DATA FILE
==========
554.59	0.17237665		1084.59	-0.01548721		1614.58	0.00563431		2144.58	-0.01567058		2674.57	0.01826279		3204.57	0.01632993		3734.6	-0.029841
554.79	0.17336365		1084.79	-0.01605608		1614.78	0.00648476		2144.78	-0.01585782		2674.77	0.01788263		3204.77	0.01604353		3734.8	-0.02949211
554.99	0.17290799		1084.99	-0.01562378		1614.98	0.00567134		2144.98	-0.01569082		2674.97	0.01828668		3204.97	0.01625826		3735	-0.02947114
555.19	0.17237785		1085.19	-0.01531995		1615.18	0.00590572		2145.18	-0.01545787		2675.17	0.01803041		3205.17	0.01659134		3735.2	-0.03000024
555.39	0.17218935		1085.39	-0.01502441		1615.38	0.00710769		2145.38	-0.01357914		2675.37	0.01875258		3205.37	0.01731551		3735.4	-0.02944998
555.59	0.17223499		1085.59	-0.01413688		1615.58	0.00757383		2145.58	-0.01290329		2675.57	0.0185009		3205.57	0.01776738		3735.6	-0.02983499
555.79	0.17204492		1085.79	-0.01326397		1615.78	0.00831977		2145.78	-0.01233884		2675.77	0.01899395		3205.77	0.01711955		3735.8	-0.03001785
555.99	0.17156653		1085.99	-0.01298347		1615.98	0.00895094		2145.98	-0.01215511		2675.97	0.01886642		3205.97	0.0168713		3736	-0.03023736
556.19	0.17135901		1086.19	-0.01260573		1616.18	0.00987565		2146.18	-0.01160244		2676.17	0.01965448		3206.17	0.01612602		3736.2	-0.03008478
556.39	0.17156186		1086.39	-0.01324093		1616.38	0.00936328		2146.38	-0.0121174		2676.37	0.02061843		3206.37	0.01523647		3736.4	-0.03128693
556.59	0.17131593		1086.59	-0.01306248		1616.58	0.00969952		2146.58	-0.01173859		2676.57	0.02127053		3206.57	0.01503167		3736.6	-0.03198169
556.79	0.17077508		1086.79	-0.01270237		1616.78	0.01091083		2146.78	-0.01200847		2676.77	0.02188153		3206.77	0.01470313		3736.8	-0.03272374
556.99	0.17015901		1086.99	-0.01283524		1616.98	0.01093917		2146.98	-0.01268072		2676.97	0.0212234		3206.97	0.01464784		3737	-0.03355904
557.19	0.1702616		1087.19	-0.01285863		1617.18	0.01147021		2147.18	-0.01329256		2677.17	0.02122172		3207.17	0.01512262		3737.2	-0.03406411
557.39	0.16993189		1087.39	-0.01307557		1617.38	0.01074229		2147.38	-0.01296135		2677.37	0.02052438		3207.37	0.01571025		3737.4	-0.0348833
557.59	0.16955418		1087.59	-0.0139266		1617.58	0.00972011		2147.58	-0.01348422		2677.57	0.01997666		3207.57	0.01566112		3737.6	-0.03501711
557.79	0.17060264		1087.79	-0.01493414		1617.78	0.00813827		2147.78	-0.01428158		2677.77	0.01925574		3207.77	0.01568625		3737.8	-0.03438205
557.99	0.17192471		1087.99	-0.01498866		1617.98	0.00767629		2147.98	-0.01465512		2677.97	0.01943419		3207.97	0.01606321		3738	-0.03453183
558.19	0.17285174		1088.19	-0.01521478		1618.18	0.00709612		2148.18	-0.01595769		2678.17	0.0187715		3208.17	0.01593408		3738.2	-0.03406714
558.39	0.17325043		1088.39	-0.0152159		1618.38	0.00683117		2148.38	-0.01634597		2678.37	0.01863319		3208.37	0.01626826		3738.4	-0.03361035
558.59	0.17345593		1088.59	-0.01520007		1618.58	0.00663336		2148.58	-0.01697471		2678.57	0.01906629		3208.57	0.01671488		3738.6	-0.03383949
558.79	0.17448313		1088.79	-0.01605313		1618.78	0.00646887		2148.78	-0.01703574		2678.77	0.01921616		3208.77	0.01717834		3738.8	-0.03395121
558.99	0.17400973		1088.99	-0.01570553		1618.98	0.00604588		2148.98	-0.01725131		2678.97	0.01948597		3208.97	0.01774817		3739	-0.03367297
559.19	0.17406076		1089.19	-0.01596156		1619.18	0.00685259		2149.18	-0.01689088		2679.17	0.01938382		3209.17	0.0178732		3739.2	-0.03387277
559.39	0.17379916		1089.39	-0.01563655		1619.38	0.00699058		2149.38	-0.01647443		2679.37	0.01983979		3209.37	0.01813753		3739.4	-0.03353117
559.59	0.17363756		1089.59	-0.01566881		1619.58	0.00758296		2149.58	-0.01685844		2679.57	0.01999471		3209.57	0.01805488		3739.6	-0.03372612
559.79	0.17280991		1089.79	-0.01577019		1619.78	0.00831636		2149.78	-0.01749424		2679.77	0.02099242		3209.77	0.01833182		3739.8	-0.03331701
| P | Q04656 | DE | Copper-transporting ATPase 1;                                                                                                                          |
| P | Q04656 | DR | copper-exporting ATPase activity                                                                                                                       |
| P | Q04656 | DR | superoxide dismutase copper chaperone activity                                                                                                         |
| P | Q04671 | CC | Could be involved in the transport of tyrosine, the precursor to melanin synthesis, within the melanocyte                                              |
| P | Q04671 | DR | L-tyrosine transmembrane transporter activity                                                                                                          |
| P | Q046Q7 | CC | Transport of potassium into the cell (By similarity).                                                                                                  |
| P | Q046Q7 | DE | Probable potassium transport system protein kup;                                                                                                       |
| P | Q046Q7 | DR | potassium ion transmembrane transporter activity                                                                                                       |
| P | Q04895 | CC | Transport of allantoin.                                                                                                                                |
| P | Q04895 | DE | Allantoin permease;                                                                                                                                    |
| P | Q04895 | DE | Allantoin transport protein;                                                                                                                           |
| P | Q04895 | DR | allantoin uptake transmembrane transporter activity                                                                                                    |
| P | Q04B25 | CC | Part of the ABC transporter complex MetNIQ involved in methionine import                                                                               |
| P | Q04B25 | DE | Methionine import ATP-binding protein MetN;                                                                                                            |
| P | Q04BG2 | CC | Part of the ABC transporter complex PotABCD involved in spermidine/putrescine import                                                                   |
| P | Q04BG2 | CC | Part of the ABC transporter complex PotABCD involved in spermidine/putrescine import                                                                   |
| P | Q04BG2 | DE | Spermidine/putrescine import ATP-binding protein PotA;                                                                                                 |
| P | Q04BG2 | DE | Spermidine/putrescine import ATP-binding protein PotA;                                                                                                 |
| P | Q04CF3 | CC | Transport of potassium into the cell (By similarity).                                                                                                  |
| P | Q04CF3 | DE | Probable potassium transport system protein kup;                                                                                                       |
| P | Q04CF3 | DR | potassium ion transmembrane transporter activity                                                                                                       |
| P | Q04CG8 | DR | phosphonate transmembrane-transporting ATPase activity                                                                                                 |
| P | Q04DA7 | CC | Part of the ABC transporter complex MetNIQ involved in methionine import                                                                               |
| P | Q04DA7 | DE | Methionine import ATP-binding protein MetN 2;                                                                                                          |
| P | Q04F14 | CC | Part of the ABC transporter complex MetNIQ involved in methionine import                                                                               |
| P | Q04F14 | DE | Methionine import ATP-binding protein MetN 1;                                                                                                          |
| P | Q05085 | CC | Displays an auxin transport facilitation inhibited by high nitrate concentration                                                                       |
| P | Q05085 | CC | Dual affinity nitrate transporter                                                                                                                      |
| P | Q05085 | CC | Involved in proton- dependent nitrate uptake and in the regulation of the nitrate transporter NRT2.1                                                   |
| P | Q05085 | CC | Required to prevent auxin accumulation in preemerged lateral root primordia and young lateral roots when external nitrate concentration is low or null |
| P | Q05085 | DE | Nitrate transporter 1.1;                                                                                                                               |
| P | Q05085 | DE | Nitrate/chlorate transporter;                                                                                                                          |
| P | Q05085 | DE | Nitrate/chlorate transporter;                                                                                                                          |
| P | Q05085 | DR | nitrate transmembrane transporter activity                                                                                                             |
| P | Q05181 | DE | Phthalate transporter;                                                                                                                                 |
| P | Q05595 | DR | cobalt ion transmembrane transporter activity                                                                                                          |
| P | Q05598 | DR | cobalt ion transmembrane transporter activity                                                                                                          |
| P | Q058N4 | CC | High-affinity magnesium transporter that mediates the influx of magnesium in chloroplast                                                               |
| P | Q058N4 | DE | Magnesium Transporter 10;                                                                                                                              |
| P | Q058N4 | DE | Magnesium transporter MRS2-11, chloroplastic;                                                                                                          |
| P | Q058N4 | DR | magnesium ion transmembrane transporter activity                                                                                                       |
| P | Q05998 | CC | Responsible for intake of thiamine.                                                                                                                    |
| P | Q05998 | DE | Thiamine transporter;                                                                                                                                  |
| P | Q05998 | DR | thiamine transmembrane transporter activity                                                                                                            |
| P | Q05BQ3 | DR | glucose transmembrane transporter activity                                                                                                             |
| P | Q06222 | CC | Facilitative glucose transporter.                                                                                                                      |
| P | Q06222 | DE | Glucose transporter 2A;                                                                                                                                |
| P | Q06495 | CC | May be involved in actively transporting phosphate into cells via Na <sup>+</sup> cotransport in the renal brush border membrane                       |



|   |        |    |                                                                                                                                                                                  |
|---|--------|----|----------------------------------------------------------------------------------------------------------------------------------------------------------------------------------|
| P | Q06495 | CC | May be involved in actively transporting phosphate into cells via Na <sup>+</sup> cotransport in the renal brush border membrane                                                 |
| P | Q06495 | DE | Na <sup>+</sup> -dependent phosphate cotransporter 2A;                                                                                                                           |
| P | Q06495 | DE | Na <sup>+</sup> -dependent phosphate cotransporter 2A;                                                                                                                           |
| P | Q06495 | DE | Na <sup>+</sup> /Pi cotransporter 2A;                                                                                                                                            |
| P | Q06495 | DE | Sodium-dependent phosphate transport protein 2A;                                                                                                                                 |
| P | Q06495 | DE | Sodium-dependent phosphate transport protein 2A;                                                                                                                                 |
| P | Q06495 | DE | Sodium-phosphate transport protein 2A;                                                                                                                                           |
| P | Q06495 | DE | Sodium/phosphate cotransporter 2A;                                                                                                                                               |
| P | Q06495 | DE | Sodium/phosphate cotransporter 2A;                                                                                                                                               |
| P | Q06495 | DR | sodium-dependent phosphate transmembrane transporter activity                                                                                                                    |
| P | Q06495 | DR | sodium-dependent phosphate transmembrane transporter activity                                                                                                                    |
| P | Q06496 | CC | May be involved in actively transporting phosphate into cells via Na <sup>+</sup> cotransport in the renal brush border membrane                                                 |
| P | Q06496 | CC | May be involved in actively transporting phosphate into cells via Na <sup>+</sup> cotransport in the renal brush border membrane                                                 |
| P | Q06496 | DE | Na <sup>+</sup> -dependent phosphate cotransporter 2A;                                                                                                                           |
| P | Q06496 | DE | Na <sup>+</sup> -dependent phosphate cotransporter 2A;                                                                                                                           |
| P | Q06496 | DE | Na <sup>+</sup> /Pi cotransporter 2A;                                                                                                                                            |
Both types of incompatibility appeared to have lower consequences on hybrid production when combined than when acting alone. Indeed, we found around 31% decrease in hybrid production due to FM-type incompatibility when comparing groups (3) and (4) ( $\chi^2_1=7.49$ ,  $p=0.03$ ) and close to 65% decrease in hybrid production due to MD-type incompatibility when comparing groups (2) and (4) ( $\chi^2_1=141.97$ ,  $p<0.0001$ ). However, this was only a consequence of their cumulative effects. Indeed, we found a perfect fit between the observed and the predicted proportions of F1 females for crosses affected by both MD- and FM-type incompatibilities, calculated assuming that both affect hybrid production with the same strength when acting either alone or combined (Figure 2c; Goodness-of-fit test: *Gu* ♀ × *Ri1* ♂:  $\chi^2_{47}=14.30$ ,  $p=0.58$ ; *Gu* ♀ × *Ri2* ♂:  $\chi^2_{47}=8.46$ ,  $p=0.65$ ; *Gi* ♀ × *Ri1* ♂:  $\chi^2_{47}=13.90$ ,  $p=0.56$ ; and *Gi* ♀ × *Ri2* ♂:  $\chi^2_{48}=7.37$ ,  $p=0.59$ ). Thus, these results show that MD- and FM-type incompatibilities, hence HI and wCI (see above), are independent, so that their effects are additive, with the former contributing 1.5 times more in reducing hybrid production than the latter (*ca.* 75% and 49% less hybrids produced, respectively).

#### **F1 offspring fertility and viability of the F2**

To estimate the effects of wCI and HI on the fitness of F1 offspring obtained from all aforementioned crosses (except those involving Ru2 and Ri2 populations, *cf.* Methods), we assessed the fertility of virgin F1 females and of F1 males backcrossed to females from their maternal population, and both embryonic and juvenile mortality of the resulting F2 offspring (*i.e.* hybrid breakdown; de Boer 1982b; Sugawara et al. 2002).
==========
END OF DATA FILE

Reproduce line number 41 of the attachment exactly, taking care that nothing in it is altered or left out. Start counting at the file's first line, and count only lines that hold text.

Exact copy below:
| P | Q04B25 | DE | Methionine import ATP-binding protein MetN;                                                                                                            |